Peace of Mind Conference set May 21 in Amarillo

Mental, behavioral health awareness on the agenda

Writer: Kay Ledbetter, 806-677-5608, skledbetter@ag.tamu.edu
Contacts: Dr. Angela Burkham, 806-677-5600, angela.burkham@ag.tamu.edu
Shree Veeramachaneni, 806-350-5277, shree@panhandlebehavioralhealthalliance.org

AMARILLO — A “Peace of Mind” Conference will be hosted May 21 by the Panhandle Behavioral Health Alliance, or PBHA, and the Texas A&M AgriLife Extension Service at the Texas A&M AgriLife Research and Extension Center, 6500 Amarillo Blvd. West, Amarillo.

The event will be from 4-6 p.m. There is no cost, but advanced registration is required at https://tinyurl.com/PeaceofMindAmarillo.

“The need for addressing mental health is great, as that need continues to be an issue identified locally and by elected officials,” said Dr. Angela Burkham, AgriLife Extension state and North Region program leader for family and community health based in Amarillo.

“While our AgriLife agents are not counselors or physicians, they do have connections within the community as well as a base of trust, and they can help with the education to bring awareness and reduce the stigma associated with mental health or behavioral health issues,” Burkham said.

The overall goal of the conference is to reduce that stigma so prevention and early intervention practices will be embraced, she said.

The conference will feature a video message from state Rep. Four Price, Amarillo; a special guest keynote by Terry Bentley Hill addressing suicide; and a panel of experts to answer questions and start a conversation regarding substance abuse and mental and behavioral health.

Hill, a nationally recognized mental health advocate and criminal defense attorney in Dallas, holds a bachelor’s degree in journalism from the University of Texas at Austin and a Doctor of Jurisprudence degree from Texas A&M University School of Law.

Her focus on mental health issues occurred after the suicides of her first husband and 14-year-old daughter. As a result, her mission is to help others suffering from mental health diseases by sharing her story of pain and healing.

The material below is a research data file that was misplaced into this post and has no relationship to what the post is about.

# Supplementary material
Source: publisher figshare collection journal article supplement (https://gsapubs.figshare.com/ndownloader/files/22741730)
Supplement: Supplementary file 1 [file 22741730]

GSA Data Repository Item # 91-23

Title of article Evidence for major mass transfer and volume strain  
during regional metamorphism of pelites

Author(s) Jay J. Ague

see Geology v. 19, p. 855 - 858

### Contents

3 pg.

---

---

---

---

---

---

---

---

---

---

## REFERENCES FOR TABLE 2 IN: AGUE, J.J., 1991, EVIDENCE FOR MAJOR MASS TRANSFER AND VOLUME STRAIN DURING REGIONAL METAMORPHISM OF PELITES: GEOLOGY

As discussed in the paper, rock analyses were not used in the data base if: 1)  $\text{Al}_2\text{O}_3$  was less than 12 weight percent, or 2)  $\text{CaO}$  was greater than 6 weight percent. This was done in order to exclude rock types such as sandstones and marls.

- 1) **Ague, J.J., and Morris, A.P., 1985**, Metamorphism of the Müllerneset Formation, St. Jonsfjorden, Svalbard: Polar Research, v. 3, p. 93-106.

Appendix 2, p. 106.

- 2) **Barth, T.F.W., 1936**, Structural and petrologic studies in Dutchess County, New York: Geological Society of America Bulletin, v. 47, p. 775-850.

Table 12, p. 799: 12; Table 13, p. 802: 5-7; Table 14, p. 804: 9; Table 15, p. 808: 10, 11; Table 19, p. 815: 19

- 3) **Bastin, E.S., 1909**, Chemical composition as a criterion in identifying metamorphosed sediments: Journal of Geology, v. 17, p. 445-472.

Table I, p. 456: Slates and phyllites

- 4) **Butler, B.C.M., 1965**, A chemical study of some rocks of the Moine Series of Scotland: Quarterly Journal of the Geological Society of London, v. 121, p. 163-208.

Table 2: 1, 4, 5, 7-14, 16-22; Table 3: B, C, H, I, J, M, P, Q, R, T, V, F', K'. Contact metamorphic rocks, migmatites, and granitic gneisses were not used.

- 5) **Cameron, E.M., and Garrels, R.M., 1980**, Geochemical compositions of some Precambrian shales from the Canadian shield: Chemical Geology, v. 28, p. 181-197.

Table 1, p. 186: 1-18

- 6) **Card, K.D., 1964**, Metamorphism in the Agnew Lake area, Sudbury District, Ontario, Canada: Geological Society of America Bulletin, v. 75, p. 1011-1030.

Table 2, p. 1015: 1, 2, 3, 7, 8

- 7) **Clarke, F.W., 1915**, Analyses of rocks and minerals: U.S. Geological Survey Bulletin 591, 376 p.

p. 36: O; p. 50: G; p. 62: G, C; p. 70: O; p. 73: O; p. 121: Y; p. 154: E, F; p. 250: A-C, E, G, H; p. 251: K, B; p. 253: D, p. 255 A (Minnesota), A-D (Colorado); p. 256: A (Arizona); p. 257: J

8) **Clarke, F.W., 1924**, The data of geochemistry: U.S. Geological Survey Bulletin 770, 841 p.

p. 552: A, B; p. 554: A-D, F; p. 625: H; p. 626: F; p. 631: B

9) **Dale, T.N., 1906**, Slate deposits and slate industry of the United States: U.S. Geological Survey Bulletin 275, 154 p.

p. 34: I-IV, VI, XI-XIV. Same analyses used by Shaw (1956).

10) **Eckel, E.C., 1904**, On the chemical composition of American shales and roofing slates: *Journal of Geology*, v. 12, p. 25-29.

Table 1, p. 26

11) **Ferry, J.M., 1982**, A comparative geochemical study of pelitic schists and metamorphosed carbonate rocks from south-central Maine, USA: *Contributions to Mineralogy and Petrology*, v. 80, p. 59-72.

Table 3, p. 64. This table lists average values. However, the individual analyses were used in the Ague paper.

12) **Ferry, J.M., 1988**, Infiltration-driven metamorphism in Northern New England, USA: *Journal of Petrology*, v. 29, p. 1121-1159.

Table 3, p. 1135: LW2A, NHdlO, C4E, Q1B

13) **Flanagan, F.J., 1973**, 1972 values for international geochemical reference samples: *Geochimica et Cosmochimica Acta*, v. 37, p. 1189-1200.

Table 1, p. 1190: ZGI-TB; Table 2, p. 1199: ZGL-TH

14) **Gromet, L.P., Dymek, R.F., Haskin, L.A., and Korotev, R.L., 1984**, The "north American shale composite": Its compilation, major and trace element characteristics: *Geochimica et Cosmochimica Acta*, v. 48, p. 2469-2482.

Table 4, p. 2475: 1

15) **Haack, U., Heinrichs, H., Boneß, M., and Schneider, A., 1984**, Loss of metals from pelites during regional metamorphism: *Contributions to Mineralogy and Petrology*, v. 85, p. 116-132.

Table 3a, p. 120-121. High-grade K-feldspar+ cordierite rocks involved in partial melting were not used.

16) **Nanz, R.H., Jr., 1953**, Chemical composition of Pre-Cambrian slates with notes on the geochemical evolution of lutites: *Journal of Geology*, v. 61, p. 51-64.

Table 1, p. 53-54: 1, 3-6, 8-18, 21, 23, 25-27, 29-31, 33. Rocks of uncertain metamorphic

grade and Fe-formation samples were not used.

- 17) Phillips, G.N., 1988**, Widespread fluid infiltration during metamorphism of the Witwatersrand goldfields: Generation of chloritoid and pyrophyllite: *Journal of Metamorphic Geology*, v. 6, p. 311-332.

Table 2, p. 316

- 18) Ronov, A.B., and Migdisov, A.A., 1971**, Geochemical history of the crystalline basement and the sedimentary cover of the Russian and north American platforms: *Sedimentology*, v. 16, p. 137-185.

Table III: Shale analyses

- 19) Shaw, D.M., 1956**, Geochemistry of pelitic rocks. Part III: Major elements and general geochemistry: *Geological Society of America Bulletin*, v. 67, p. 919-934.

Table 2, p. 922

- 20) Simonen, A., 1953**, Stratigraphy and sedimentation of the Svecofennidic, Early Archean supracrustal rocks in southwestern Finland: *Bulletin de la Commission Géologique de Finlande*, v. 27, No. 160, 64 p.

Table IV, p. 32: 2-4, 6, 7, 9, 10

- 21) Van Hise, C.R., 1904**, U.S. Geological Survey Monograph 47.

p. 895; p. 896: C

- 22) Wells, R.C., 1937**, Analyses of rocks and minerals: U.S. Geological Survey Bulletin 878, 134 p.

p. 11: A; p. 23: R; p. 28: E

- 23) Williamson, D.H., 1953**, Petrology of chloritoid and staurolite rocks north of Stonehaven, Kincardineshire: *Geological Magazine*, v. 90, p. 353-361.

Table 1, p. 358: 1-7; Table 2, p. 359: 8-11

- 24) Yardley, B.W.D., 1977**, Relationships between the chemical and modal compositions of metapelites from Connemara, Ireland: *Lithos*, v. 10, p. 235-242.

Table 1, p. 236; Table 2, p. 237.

She was named by her peers as one of Dallas’ Best Criminal Defense Attorneys for Mental Health representation, and she was awarded the Presidential Citation by the State Bar of Texas for her work with attorneys struggling with mental health and substance use disorders.

Attendees will discover local informational resources for behavioral health; connect with peers, community members and leaders; and collaborate with behavioral health partners, including those for mental health and addiction.

There also will be an art exhibit by local artists with experiences in these areas. The exhibit is designed to raise awareness about behavioral health issues and available resources.

“We want to encourage the community to seek resources and treatment in a preventive manner or at early stages, and to educate the community about behavioral health,” said Sridevi Veeramachaneni, PBHA executive director.

To learn more about PBHA, go to www.PanhandleBehavioralHealthAlliance.org.

Burkham also said AgriLife Extension identified mental health education as a priority in 2019. As a result, the agency is designing a suite of programs that can be delivered in local communities starting in 2020.

The programs, she said, will focus on mindfulness, behavioral health signs and symptoms, awareness of community-based resources and equipping communities with the appropriate response to mental health educational needs.

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